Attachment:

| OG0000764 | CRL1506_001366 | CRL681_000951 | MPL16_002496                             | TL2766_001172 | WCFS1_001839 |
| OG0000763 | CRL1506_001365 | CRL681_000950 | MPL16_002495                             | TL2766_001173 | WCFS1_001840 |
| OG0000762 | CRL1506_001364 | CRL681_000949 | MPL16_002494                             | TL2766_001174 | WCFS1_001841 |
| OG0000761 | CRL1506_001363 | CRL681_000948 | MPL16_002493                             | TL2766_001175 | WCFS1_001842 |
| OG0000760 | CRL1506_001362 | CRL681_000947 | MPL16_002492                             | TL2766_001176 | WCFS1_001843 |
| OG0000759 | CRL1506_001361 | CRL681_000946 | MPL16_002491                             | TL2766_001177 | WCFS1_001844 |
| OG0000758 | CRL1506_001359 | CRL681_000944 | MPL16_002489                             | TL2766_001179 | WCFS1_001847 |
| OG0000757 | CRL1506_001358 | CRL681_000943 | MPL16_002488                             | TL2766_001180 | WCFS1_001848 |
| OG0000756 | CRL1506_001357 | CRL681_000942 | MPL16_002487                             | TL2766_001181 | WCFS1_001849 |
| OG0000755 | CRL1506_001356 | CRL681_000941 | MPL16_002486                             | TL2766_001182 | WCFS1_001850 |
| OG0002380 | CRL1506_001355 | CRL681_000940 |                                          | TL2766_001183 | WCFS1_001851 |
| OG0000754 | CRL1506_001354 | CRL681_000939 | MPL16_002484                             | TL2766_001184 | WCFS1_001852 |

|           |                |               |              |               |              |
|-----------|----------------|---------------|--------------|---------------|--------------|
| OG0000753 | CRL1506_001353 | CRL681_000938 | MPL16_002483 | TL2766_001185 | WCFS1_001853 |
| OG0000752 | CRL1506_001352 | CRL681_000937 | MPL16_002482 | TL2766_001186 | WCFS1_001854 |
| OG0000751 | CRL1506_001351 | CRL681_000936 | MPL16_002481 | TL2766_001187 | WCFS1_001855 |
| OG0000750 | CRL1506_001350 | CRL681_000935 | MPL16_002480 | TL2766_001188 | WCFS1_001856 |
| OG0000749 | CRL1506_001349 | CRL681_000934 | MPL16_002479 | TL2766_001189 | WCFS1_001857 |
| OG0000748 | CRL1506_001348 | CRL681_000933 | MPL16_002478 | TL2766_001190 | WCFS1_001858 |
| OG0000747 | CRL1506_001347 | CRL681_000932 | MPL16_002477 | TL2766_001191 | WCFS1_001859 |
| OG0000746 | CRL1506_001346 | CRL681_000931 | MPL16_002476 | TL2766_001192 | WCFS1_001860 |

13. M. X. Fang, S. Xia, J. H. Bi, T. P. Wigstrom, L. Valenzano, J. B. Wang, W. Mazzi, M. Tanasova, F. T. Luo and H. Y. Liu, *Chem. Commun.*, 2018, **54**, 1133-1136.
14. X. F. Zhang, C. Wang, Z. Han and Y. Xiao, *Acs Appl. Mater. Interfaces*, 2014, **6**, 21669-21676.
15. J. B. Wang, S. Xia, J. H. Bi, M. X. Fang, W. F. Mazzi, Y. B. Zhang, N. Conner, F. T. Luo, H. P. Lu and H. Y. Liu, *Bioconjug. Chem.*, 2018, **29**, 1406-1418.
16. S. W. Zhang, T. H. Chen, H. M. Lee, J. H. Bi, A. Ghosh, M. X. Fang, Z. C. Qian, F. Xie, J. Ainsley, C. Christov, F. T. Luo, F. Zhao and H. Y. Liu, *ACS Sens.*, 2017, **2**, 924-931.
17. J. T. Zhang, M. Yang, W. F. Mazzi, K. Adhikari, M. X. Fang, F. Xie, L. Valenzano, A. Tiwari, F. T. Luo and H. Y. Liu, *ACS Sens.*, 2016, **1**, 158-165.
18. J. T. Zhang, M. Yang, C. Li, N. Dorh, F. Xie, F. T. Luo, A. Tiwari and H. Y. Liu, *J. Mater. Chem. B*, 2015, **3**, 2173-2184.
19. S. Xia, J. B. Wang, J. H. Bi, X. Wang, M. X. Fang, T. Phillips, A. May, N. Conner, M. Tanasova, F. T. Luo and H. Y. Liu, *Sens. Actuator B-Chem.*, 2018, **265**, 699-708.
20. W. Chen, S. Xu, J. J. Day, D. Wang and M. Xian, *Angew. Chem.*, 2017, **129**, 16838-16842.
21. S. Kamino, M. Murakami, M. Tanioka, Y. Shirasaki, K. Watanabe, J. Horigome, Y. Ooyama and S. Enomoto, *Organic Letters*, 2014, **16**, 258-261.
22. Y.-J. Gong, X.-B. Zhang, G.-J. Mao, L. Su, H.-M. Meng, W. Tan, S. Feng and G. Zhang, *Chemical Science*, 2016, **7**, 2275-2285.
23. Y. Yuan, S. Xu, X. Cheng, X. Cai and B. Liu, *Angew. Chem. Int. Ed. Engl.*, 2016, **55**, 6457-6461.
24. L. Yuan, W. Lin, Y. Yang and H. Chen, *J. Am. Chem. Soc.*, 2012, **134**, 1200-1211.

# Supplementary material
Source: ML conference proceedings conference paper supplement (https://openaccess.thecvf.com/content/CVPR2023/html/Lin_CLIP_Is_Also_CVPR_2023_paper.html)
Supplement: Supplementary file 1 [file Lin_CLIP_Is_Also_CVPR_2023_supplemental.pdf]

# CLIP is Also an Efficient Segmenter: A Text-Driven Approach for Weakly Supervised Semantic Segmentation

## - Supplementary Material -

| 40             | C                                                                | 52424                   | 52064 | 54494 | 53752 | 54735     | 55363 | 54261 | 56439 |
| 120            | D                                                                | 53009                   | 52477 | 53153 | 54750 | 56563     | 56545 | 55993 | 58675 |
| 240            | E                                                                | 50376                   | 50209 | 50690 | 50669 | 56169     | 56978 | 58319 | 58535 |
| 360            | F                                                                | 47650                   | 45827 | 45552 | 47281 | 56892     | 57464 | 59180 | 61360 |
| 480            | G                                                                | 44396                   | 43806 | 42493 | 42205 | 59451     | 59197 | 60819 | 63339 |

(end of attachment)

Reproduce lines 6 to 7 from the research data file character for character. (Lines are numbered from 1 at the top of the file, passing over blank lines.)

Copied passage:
| OG0000759 | CRL1506_001361 | CRL681_000946 | MPL16_002491                             | TL2766_001177 | WCFS1_001844 |
| OG0000758 | CRL1506_001359 | CRL681_000944 | MPL16_002489                             | TL2766_001179 | WCFS1_001847 |